Those among you who come to visit south Armagh in general, and the Forkhill district in particular will surely have time for a visit to BALLYKEEL where locals will be able to indicate to you the site of Art's dwelling. Make certain, when you are there, to visit the attractive tripod dolmen in that townland and also ask about "Doctors Quarters" another most historic place only a few hundred yards from Ballykeel. Soon we will mention one of the most famous persons from Forkhill, the renowned poet Peadar O'Doirnin.

Art Bennett was most unfortunate, not only with regard to the harsh physical and economic climate into which he was born and which prevailed throughout his lifetime. He was unfortunate also with regard to the fact that he was born during or after the decline and fall of the great school of S.E. Ulster poets. As I mentioned previously, Art's prowess in the field of poetry has been the subject of much debate. One of the causes for this was, undoubtedly the fact that he was constantly being compared with the acknowledged great poets of a previous generation eg. O'Doirnin, McCooey,McAlinden etc. There is no evidence that Art ever set himself up as an equal or indeed a rival to these all-time greats, but as we all know, people will compare and contrast. All we can say is that Art Bennett surely had a difficult if not an impossible act to follow.

He was however, the last tenuous link in a hitherto unbroken chain of poetry extending from his time right back several centuries through the great bardic traditions. Art makes many references in his writings to Peadar O'Doirnin, who is popularly esteemed as the sweetest of all the S.E. Poets. Before we examine that which is known about this man, let me counsel extreme caution in the matter of grasping wildly at dates etc. and deeming them to be proven historic facts. The reason for such caution arises from the huge amount of unsubstantiated facts which has in the past, and will no doubt in the future be churned out as documented history.

Firstly the place of his birth has never been established beyond doubt. Places as far away as CASHEL in Co. Tipperary and as close to hand as ROSKEAGH in Co. Louth have been mentioned. You may take your choice. Since his birth-place has not been geographically defined, there is no definite proof of the date of his birth. In this matter also we may only use various recorded facts to make deductions. Worry not my friends. I shall now short circuit the entire deduction system for you. Please accept them as best guesses unless otherwise stated.

O'DOIRNIN was born at a location unascertained in or about the year 1684. His parents had considered educating him for the Priesthood but they never did this because of the harsh penal laws which were in force,particularly against the catholic clergy at that time. He did receive a wide education during his perigrinations and came for some time to reside with Arthur Brownlow near Lurgan as a tutor. After a difference of opinion with that household he left the area. He took unto himself a wife and spent his honeymoon around Ballymoyer. Subsequently he moved to FORKHILL where he set up a "hedge school" in opposition to one already established under the tutelage of Maurice Gorman. Such was the popular appeal of the new school that eventually O'Gorman was forced out of business. I bet you thought that "falling rolls" was a present-day phenomenon!

O'DOIRNIN in common with many other poets was, to say the least, very fond of strong drink and weak(willed) women, and not in that particular order. His idea of heaven was a full glass in his hand and a comely girl on his knee. He continued writing his poetry and teaching school for many years. He was a close friend of BIG JEM MURPHY . (more of this relationship anon) Onde day he permitted his scholars to go out to play while he was having a little nap. Eventually the pupils noticed that they had been out longer than normal and they returned to find the master , as they thought, asleep in his chair. The Illustrious PEADAR O'DOIRNIN had died.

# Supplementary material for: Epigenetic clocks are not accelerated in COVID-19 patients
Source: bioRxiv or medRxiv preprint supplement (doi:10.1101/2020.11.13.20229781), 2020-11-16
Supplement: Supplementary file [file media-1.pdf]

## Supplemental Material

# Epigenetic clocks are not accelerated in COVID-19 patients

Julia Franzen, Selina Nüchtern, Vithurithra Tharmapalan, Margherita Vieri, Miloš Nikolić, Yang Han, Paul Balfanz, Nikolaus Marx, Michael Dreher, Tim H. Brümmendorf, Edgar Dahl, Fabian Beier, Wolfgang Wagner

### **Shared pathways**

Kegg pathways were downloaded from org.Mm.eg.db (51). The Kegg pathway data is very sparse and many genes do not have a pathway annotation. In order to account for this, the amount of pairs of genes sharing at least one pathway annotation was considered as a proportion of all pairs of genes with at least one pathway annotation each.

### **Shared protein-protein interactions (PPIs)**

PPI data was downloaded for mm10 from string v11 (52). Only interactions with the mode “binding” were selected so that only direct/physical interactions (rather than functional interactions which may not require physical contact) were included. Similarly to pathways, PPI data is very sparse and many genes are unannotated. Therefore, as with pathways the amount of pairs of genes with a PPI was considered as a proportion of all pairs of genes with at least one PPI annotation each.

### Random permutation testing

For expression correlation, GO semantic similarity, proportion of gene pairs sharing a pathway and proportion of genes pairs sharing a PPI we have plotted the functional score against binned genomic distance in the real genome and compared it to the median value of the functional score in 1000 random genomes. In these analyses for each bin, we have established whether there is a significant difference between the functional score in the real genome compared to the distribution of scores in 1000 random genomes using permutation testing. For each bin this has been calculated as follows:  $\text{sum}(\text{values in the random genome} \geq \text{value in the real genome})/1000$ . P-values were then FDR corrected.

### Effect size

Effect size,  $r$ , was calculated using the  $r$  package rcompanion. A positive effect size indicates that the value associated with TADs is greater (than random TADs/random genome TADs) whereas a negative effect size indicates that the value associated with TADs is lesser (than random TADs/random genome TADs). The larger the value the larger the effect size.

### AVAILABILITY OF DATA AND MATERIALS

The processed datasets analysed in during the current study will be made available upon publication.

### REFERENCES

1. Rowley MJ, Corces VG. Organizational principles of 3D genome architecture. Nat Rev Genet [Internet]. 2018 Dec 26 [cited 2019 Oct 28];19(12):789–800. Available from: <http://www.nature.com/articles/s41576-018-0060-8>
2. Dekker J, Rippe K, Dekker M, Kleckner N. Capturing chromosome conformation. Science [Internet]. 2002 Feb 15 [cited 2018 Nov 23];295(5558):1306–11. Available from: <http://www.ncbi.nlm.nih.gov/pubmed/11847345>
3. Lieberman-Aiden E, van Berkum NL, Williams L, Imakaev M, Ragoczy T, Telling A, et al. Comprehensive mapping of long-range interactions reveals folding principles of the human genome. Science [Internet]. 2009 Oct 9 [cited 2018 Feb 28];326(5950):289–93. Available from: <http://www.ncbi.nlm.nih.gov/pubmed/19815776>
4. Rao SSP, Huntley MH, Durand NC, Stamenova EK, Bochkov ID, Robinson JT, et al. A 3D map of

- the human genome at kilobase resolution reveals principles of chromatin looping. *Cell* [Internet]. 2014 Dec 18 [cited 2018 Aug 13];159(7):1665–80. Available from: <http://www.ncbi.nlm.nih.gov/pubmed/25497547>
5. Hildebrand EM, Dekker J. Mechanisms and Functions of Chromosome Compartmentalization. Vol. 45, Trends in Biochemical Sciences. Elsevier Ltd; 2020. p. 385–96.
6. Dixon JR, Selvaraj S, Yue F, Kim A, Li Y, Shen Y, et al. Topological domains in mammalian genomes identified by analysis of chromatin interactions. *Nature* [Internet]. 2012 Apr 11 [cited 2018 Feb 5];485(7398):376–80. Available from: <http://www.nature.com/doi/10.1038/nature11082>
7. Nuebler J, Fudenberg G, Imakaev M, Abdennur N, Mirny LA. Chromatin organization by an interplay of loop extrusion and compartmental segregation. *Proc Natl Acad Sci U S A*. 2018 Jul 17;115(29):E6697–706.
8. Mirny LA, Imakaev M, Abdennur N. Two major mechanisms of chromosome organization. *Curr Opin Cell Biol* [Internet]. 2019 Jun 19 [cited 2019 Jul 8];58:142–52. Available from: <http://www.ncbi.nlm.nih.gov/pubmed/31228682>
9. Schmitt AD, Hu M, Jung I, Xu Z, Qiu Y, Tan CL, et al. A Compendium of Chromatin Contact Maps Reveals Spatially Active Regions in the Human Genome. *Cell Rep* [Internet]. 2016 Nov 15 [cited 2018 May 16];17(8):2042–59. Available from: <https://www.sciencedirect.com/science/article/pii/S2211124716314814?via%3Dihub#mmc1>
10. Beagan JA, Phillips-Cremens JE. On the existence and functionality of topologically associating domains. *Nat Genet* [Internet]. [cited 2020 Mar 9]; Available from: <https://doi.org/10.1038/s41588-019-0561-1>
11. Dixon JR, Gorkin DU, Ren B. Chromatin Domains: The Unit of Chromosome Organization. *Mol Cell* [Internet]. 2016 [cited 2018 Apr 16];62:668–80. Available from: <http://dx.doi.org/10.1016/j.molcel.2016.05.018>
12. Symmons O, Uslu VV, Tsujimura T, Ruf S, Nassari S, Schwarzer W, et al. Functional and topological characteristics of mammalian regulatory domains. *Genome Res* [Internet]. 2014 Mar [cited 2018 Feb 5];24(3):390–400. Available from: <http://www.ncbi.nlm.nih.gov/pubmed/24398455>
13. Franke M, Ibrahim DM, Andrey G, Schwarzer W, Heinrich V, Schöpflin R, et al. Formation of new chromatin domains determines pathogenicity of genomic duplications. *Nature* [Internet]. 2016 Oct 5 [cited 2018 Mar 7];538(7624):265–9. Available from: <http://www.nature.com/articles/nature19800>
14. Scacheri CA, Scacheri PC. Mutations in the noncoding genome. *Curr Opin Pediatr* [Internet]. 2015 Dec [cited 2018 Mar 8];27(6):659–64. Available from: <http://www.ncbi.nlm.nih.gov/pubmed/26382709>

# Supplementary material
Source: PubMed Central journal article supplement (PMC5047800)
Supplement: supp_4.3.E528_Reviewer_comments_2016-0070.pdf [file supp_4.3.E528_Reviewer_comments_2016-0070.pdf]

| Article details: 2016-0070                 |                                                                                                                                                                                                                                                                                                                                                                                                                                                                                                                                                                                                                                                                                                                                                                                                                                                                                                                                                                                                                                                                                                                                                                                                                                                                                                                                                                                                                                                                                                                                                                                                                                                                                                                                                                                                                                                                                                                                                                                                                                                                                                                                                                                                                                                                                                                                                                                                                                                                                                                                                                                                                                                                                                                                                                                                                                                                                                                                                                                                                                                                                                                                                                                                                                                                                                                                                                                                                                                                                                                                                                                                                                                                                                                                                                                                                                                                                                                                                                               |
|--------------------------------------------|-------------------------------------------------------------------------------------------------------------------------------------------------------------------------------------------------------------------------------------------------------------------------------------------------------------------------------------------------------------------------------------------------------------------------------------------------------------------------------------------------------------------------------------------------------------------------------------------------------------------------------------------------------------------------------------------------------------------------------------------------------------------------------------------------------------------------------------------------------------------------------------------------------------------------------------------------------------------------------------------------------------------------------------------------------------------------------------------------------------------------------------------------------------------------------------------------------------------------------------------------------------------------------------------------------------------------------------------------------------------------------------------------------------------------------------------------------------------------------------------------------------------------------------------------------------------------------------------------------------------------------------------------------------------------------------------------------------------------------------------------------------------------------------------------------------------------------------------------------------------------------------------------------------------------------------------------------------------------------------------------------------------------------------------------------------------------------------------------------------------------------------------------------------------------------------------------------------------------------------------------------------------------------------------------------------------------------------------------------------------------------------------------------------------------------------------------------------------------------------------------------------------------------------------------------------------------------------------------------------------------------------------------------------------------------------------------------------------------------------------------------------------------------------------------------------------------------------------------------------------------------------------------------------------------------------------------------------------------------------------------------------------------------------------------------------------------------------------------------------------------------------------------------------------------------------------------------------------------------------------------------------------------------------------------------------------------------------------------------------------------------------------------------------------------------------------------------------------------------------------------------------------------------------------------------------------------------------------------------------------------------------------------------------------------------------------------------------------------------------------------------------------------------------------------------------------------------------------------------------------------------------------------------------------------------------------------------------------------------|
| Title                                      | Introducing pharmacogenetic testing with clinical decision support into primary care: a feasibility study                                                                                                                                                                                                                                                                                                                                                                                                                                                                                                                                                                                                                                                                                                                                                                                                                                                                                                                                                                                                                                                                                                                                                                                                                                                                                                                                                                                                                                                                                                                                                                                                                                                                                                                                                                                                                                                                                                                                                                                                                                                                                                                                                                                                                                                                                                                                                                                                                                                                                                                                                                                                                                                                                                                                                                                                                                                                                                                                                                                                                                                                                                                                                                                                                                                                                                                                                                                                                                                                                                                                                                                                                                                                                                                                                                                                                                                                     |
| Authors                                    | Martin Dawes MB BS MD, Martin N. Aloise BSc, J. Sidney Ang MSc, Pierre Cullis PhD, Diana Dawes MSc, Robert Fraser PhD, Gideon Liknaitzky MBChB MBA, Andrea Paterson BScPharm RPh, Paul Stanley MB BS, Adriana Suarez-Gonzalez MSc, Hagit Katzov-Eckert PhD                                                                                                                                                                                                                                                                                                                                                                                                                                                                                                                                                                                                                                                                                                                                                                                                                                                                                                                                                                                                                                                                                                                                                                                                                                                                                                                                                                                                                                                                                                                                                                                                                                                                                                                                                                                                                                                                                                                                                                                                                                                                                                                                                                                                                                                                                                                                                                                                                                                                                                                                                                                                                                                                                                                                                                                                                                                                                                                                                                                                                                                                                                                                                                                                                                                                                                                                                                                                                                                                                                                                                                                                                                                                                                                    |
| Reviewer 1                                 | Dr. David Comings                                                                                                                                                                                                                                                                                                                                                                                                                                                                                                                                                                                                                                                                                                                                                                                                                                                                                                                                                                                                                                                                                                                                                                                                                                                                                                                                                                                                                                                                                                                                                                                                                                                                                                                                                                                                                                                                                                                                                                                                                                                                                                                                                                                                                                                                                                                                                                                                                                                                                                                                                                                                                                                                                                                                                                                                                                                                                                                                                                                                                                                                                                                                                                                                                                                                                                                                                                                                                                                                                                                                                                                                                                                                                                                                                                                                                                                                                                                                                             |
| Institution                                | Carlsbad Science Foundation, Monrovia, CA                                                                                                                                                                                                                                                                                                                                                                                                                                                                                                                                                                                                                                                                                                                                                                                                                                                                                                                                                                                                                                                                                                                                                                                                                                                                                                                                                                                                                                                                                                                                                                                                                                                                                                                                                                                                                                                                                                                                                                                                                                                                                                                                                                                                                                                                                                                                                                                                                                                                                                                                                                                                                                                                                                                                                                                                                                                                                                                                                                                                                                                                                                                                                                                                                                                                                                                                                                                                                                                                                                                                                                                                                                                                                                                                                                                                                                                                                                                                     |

Another renowned poet from the area, ART McCOOEY wrote O'Doirnin's gravelay which enables us to pinpoint the date of his death as APRIL 5th 1769.

O'Doirnin was taken from his school in BAILE na MBRATHAR ( translated in one account as FRIARSTOWN) to be buried in URNEY. I have already mentioned these two places, and not by accident. There are many poems attributed to O'Doirnin but, almost unbelievably, some poems which he did write have been attributed to other poets, while some which he most certainly did not write have been attributed to him. He did write some poems which were, to say the least, only suitable for very broad-minded adults. To the very best of my knowledge, none of his works are in English and I have never seen any substantial number of his poems in a collected English translation.

The poem for which he will be forever remembered is entitled " Urchnoc Chein Mhic Cainte". A haunting air was put to this equally haunting love poem by P. O'Dubhda of *Myers' Cross.
O'Doirnin was also connected with JOHNSON OF THE FEWS in a rather dangerous way.

*Mayer's Cross - is marked on modern maps as Hackballs cross. On the main road from castleblaney to dundalk. Peadar o'dubhda , throughout his lifetime refused to use this 'british name' as the place where he was reared preferring instead to use the local name.


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Your Responses

Ronnie Martin - June '08
I have visiting Warrenpoint for over 40years and have been researching my Family history for the past 12 yrs, And recently came accross the Marriage of my Great Grand Parents & and birth Grand Father in Shean. I have since visted the place called I also visted Saint Mary's R.C.C. where the Priest allowed me to see the record books - to which I am truly grateful, I return to Shean whenever I visit Ireland.

Incedently their name was Murphy (Thomas) married to Mary Quin 1864

Sinead- Jan '07
The name of the club is Peadar O Doirnin C.L.G. This was a most interesting and informative article.

Fred Gannon - Nov '06
Interesting article. A part of my family (O'Neill) comes from Forkhill, as I discovered a few months ago. This short reply to mention Kyla Madden 's recent book, "Forkhill protestants and Forkhill Catholics, 1787-1858".

Sean Cunningham - Nov '06
As I lived in Forkhill for 20 years I found the artical very informative and interesting. Are there any photos of the areas mentioned in the article?

Gary Shean - Sep '06
Fascinating story - what can you tell me about Shean?